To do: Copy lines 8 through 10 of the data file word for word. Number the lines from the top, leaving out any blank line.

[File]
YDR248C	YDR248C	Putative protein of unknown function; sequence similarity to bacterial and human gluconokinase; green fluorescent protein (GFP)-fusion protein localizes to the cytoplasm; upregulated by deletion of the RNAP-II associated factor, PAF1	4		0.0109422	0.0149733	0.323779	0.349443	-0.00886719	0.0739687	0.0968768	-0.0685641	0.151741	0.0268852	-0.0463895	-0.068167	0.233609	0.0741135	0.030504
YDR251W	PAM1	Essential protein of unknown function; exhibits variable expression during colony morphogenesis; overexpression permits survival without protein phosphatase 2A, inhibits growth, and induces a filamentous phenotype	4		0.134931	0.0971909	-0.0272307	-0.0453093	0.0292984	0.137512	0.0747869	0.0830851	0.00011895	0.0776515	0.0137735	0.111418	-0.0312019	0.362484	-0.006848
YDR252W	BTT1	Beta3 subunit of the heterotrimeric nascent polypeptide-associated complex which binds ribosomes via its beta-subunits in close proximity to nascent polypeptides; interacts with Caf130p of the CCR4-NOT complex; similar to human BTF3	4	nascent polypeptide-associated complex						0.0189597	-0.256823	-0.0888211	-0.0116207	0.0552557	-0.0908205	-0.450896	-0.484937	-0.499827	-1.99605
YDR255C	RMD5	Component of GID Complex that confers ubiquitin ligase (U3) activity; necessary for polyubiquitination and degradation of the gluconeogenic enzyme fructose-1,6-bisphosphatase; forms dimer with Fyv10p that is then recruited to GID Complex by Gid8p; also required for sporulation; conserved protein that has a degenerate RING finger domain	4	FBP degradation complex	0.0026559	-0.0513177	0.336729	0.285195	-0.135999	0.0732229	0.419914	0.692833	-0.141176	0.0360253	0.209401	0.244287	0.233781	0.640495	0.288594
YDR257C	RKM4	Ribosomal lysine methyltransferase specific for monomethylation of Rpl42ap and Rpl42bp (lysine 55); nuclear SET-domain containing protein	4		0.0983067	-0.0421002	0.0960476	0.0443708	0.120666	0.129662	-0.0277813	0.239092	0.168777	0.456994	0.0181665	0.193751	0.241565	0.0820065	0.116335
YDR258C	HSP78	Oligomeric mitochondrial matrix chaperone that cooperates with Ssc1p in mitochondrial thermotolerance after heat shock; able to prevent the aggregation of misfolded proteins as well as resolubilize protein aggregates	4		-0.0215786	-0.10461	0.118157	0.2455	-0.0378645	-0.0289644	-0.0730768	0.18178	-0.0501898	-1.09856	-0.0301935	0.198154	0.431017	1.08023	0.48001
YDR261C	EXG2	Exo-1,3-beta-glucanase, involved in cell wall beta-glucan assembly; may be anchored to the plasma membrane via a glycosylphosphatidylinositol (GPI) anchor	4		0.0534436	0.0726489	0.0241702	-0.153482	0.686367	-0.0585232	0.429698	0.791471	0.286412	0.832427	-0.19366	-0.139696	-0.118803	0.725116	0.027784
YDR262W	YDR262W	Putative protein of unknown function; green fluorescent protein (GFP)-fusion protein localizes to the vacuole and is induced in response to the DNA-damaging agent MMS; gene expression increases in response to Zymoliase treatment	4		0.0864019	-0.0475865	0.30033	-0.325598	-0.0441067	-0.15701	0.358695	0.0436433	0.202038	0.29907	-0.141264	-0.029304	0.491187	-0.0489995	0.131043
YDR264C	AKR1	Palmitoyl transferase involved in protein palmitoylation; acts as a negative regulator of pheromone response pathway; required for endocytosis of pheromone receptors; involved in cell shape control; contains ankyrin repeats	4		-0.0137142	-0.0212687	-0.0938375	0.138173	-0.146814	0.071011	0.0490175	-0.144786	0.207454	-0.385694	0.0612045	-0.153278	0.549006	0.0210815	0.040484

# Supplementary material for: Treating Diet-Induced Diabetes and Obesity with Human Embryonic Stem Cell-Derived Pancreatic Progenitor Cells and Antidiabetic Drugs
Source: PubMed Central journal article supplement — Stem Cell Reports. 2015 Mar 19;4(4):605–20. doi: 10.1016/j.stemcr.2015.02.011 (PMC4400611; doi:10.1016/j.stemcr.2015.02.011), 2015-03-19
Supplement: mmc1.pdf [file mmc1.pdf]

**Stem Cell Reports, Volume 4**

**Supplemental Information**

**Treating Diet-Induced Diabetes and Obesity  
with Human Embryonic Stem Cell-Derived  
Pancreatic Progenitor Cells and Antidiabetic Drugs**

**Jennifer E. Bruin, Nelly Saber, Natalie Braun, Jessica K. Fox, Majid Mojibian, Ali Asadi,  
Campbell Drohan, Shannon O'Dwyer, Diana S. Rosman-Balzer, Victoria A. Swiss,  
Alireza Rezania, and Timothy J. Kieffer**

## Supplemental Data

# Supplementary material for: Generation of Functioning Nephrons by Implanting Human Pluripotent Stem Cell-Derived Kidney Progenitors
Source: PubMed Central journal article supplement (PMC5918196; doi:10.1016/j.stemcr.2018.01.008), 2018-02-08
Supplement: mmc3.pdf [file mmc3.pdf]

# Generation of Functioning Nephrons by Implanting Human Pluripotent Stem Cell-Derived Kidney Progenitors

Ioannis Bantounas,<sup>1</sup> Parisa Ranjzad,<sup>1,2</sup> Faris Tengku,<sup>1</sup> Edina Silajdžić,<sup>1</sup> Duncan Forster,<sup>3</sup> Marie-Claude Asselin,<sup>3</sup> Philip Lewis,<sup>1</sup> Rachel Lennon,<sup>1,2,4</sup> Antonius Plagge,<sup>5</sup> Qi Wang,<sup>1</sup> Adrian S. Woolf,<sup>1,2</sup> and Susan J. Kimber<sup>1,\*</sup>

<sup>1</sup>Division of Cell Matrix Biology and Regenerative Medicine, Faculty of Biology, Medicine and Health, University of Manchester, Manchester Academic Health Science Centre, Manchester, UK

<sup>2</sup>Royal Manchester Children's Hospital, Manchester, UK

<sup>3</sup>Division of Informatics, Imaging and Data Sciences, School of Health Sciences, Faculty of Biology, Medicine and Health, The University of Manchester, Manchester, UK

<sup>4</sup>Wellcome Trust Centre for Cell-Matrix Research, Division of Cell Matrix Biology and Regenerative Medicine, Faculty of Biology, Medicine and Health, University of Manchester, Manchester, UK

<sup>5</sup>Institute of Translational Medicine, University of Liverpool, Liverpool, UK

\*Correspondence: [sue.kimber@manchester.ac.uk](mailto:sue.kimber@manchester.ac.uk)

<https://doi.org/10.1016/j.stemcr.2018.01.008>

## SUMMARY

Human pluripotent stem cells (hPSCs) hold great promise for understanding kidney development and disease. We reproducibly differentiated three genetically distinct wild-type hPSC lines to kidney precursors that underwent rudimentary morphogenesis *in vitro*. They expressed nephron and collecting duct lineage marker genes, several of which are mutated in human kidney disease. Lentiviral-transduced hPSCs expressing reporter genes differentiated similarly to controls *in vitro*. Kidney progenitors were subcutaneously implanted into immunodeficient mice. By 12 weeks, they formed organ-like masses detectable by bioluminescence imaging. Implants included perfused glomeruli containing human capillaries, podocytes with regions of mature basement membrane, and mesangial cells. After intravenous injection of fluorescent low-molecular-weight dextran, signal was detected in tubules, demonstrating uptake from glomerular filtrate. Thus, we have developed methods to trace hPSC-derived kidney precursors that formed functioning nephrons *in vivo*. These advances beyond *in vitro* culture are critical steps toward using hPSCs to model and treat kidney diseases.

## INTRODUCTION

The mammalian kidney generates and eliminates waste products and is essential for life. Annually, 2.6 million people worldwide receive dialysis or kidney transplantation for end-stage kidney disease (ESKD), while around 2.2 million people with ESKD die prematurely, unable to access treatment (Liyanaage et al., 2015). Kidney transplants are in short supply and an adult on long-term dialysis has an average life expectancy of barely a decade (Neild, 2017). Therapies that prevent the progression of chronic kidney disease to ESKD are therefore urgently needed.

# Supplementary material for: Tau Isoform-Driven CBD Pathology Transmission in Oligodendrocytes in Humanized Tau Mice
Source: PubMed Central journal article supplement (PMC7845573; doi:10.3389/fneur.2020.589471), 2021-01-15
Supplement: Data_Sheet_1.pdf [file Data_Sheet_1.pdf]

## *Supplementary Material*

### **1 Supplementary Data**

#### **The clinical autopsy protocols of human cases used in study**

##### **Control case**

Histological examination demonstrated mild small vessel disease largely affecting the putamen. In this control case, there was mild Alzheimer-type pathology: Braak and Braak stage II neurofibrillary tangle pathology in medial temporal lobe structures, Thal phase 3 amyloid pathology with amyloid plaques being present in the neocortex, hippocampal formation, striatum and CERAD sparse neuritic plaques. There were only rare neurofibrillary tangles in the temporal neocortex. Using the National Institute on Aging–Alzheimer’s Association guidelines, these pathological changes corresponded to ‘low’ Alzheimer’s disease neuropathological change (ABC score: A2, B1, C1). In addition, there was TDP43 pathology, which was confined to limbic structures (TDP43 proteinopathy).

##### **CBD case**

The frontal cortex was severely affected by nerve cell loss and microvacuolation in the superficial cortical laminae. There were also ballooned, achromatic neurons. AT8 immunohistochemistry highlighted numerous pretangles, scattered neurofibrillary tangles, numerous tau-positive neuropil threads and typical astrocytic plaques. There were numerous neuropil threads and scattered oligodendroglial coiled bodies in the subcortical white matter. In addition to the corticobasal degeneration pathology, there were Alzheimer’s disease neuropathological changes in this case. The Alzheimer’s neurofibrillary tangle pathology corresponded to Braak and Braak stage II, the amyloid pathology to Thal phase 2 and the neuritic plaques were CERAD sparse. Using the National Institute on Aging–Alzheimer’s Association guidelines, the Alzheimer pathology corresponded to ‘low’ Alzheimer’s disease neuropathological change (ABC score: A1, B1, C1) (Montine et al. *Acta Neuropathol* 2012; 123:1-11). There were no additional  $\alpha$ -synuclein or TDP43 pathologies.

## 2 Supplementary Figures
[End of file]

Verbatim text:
YDR262W	YDR262W	Putative protein of unknown function; green fluorescent protein (GFP)-fusion protein localizes to the vacuole and is induced in response to the DNA-damaging agent MMS; gene expression increases in response to Zymoliase treatment	4		0.0864019	-0.0475865	0.30033	-0.325598	-0.0441067	-0.15701	0.358695	0.0436433	0.202038	0.29907	-0.141264	-0.029304	0.491187	-0.0489995	0.131043
YDR264C	AKR1	Palmitoyl transferase involved in protein palmitoylation; acts as a negative regulator of pheromone response pathway; required for endocytosis of pheromone receptors; involved in cell shape control; contains ankyrin repeats	4		-0.0137142	-0.0212687	-0.0938375	0.138173	-0.146814	0.071011	0.0490175	-0.144786	0.207454	-0.385694	0.0612045	-0.153278	0.549006	0.0210815	0.040484

# Supplementary material for: Treating Diet-Induced Diabetes and Obesity with Human Embryonic Stem Cell-Derived Pancreatic Progenitor Cells and Antidiabetic Drugs